Culture

Does Brain Damage Make a Case for Ending Sports?

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When I was working in Africa I read a paper that proved that intravenous corticosteroids were of no benefit in cerebral malaria. Soon afterwards I had a patient with that foul disease whom I had treated according to the scientific evidence, but who failed to respond, at least as far as his mental condition was concerned  — which, after all, was quite important. To save the body without the mind is of doubtful value.

I gave the patient an injection of corticosteroid and he responded as if by miracle. What was I supposed to conclude? That, according to the evidence, it was mere coincidence? This I could not do: and I have retained a healthy (or is it unhealthy?) skepticism of large, controlled trials ever since. For in the large numbers of patients who take part in such trials there may be patients who react idiosyncratically, that is to say, differently from the rest.

A paper in a recent edition of the New England Journal of Medicine brought back my experience with cerebral malaria. Animal experimentation had shown that progesterone, one of the class of steroids produced naturally by females, protected against the harmful effects of severe brain injury. The paper does not specify what exactly it was necessary to do to experimental animals to reach this conclusion, but it does say that it has been proven in several species. What is not said is often as eloquent as what is said.

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The investigators decided to try the experiment in humans, though they could not, of course, actually give human subjects standardized head injuries as presumably they could with experimental animals: they had to wait until “normal” circumstances (in 21 countries) produced a sufficient “crop” of such injuries. They experimented with more than 1,000 such injuries, allocating them randomly to progesterone treatment or placebo.

As seems now to be almost customary in trials the results of which are published in the August journal, the results were entirely negative (even though a couple of smaller previous trials have been encouraging). On no measure did those given progesterone do better than those given placebo. The drug was useless. The only good news was that it did not cause active harm to the patients, and therefore complied with the most important injunction of medical ethics: first to do no harm.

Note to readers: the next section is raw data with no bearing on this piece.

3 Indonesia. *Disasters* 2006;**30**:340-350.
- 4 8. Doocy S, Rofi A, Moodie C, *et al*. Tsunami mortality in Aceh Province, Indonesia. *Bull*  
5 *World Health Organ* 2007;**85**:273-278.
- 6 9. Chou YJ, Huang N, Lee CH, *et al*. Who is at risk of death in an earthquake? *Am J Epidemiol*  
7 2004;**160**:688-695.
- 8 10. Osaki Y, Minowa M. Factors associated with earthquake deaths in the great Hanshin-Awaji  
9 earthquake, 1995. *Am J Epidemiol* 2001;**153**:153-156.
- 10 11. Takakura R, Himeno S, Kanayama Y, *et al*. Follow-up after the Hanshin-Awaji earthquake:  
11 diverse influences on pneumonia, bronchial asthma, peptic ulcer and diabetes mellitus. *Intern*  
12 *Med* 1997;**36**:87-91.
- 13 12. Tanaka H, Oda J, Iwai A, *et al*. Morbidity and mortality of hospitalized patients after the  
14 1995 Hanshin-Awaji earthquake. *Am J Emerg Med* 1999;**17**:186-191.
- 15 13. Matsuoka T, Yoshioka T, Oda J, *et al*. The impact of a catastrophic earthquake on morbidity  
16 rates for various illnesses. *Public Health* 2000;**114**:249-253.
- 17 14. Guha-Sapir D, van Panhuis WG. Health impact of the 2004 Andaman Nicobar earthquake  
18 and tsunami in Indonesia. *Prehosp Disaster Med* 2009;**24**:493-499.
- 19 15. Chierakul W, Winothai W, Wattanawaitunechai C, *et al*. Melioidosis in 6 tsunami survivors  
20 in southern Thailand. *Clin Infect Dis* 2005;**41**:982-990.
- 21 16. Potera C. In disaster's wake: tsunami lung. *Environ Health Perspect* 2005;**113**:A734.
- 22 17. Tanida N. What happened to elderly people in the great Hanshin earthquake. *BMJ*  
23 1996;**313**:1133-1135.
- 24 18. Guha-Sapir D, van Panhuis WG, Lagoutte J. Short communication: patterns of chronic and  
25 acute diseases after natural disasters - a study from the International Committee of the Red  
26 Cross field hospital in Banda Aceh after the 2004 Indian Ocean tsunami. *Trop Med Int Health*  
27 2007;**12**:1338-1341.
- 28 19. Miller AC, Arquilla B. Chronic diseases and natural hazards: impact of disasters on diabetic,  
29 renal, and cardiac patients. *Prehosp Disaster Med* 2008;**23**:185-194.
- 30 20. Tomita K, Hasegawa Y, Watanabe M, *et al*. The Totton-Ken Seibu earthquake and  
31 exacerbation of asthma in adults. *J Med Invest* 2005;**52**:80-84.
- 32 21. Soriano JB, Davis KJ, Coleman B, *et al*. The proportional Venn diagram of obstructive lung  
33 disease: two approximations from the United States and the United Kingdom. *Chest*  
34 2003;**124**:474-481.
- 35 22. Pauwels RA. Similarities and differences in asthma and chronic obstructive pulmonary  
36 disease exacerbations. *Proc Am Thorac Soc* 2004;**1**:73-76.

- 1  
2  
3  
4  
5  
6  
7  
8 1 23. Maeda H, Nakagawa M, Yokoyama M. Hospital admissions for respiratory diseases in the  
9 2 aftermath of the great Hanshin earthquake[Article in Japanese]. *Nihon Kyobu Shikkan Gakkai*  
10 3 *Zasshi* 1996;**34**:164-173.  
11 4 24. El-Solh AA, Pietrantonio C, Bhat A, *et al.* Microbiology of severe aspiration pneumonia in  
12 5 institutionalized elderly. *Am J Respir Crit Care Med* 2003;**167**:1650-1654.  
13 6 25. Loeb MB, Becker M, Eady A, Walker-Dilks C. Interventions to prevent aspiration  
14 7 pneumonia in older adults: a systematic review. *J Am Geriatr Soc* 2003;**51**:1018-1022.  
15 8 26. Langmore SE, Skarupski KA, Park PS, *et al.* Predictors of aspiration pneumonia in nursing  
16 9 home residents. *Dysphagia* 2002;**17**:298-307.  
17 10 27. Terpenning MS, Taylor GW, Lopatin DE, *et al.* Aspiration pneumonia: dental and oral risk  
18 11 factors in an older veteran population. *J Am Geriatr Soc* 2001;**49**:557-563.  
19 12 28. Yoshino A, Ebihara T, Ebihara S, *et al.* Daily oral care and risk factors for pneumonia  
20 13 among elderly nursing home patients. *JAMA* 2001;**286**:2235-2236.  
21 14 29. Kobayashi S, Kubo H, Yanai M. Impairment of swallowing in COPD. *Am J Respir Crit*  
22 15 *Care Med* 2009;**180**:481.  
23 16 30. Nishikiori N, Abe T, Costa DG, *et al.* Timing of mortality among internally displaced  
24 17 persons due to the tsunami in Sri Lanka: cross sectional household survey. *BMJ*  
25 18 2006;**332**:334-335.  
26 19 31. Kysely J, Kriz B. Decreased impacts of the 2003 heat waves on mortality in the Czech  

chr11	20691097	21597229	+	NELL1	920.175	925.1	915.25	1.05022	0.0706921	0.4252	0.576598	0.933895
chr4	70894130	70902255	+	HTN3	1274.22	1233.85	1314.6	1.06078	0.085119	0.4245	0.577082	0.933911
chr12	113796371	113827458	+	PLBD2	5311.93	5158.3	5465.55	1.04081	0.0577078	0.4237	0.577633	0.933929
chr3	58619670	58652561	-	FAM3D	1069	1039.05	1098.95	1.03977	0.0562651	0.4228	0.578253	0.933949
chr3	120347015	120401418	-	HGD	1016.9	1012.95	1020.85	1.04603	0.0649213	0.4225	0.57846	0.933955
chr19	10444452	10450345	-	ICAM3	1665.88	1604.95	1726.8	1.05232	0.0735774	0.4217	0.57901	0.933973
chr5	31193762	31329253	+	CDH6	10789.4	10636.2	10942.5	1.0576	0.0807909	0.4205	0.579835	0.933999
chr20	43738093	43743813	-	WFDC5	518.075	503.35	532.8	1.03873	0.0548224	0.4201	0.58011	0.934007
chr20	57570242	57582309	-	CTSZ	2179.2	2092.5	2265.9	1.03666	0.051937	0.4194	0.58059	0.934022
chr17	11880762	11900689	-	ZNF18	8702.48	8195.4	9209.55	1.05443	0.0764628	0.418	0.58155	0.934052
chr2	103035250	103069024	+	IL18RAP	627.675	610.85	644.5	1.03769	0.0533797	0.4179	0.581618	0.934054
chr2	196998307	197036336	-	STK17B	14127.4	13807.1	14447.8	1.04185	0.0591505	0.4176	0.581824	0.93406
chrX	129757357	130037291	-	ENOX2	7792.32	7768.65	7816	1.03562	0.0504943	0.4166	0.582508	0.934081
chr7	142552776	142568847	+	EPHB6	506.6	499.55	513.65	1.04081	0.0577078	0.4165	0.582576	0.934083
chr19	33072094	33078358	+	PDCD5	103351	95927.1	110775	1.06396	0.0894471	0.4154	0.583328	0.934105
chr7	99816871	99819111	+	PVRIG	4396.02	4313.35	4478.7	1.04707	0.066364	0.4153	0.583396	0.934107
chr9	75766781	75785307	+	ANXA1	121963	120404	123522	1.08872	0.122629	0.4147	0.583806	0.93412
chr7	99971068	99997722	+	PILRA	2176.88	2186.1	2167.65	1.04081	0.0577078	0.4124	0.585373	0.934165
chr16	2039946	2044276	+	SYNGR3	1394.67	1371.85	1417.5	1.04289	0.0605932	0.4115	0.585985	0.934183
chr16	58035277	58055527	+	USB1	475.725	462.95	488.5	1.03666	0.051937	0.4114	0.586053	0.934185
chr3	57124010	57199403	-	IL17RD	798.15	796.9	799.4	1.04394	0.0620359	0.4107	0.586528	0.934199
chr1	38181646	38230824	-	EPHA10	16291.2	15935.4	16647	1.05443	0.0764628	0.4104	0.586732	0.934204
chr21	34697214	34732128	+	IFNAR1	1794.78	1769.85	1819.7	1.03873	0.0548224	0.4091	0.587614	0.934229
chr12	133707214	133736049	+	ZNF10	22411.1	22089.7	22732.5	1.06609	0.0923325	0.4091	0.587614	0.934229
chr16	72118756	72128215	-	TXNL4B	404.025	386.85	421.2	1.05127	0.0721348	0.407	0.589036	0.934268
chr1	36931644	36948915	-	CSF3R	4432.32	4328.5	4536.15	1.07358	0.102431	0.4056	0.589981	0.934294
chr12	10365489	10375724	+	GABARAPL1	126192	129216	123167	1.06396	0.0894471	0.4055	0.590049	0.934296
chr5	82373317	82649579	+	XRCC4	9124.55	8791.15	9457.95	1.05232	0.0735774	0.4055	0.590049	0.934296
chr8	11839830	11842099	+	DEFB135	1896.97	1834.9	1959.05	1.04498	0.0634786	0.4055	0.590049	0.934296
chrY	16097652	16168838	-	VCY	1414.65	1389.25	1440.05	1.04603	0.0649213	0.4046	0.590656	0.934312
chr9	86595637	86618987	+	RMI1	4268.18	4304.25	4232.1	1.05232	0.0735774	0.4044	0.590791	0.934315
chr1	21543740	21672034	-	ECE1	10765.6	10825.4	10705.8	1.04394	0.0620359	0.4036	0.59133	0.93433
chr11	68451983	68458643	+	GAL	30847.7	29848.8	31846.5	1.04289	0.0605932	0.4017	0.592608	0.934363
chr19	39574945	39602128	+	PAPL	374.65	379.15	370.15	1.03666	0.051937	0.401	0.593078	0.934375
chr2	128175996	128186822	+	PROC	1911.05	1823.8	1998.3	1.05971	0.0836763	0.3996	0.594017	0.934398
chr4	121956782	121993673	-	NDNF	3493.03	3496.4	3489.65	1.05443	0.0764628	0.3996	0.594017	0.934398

There were some interesting figures in the paper. For example, slightly more than 78 percent of the participants in the trial were male. Surely in an age of equality, this is an outrage? Some effort must be made either to reduce the rate of head injury among men, or perhaps more controversially, to increase it among women, so that equality may be established.

Then there was the terrible toll taken by sports injuries, amounting to nearly fifteen percent of the total. If the causes of the head injuries of the participants in the trial were representative of the people as a whole who suffer head injuries, then (on the figures given in the paper) there are more than 250,000 head injuries a year in the United States alone caused by sporting activities. Is there any other activity that caused such easily avoided carnage that would be permitted to continue?

As to the cost of sporting injuries to the United States, it is far from negligible. The paper estimates the annual cost of head injuries to be $76 billion. Of course, such estimates are always approximate, but it can hardly be doubted that, with 1.7 million cases a year, the cost must be considerable. The cost of sporting head injuries would be in the region of $10 billion, to say nothing of those to knees, shoulders etc.

It must be time to call a halt to the pluri-millennial human foolishness known as sport.

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